Beautiful Brains: The Cultivation of Need (& a Project 10 Pan Update)

On April 12th I embarked upon the infamous Project 10 Pan in hopes of clearing out old, unloved products, making way for future natural beauty purchases, and buckling down on my spending. How am I doing just 2 weeks in? I have actually started to finish up products a lot more quickly than I had anticipated. In fact, I have already hit 10...this is probably because I was already close to pan on some products and that I decided to include deluxe and travel sized products in the project as well. The next time I do a Project 10 Pan, I do not think that I will count these smaller sized products, but for a first go at this I am glad to be rid of all of those random little containers cluttering up my bathroom and makeup drawer. Since it is only 2 weeks in and several are deluxe sized products, I am going to keep up with Project 10 Pan for a while longer.

Using up that last little dusting of loose powder and that final squeeze of conditioner is indeed satisfying. However, this satisfaction does not always curb the desire to bring home some hauls from the store. I will be honest: I caved. A few days ago I placed an order with Zoya for their Nail Polish Earth Day Exchange, which ends April 27th. I justified my purchase by telling myself that this sale was an opportunity to get rid of old polishes in an environmentally friendly way and replace them with half-priced Zoya ones which are free of harmful chemicals. Of course, this is all true, but the bigger reason is that I totally succumbed to product lust. Did I need more nail polish? Nope, but I sure as hell wanted it...bad.

But let's consider that my polish binge might not simply be a moment of personal weakness but perhaps part of a huge capitalist beauty industry machine that is really good at inspiring consumers to hand over their cash. Of course, I am certainly accountable in important ways- I decided to shop the Zoya site, pick out 9 shades (which are gorgeous, but that is beside the  point here), and enter my credit card info. Yet, my individuals decisions, options, and desires are under the supreme influence of the beauty industry. I call this the cultivation of need.

The cultivation of need happens in a variety of ways. First, consumer culture promotes the notion that we are what we purchase. We often use the products we consume to display what kind of person we are. Brands are totally in on this, and cater to certain identities and niche markets. Are you an Urban Decay kind of girl or MAC? Hot Topic or American Eagle? Where we shop and what we buy has a lot to do with how we construct and communicate our identities. Secondly, I feel like the beauty cosmos knew that I started Project 10 Pan, because every time I open my mailbox or check my email I am bombarded by advertisements and tempting coupons. On the daily, Sephora, Ulta, Hautelook, Cherry Culture, among others of my frequently shopped beauty supply sources reveal new products and offer limited-time discount codes. My point is that the beauty industry is incredibly provocative and cunning in that it has mastered the ability to make their consumers feel elite in the interest of reaping profit. For instance, we can be Beauty Insiders at Sephora, indicating that we are the privilege lot that has special access to sweet deals and exclusive products. Moreover, limited time offers and coupons and limited edition shades and collections convince us that we must buy now. Rationally, sales will come again, and MAC will always have future collections, and dupes are pretty easy to find. Yet this marketing ploy creates a sense of necessity and urgency in buyers. Lastly, the cultivation of need often constructs a problem for or insecurity in the consumer, and then offers a solution to this problem or insecurity in the form of a product. We feel like we need a particular product, although we may have others already that perform similarly. Our needs and desires, if we aren't being critically aware and conscious consumers, are largely constructed by the beauty industry.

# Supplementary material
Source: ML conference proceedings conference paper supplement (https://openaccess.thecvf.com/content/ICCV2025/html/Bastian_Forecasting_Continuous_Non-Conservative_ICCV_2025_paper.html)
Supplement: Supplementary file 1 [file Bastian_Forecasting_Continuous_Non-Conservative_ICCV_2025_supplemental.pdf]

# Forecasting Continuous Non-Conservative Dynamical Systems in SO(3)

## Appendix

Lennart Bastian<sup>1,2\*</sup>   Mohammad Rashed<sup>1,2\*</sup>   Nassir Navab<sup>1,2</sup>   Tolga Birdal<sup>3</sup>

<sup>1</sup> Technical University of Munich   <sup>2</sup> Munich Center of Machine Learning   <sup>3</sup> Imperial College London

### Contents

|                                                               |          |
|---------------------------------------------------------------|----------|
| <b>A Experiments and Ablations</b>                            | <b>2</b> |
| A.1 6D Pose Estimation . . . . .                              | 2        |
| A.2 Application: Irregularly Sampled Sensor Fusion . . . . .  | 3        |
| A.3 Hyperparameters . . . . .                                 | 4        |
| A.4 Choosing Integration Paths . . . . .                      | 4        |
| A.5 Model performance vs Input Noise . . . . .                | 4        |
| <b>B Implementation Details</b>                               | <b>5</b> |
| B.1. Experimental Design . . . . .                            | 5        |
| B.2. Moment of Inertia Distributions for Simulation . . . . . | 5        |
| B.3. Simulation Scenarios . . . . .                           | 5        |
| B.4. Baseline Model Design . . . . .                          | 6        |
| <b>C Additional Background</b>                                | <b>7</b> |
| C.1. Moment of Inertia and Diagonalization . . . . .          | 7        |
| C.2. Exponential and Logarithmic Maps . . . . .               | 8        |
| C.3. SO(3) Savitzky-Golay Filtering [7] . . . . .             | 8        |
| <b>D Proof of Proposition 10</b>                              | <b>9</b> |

Am I saying that us beauty fiends are victims here? Certainly not. But sometimes we are blissfully ignorant. We hand over our credit cards willfully, but it is worth taking a minute to step back to take a hard look at the beauty industry that we support. It is really easy to get sucked in and completely consumed by the beauty industry. Does this mean that our whole lives should be a giant Project 10 Pan-like spending ban? No. But I think we could benefit from becoming more critical and thoughtful consumers.

On a lighter note, what polishes did you pick up during Zoya's exchange? I grabbed 9: Creamy, Marley, Jancyn, Dove, Gaia, Faith, Willow, Buffy, and Casey.

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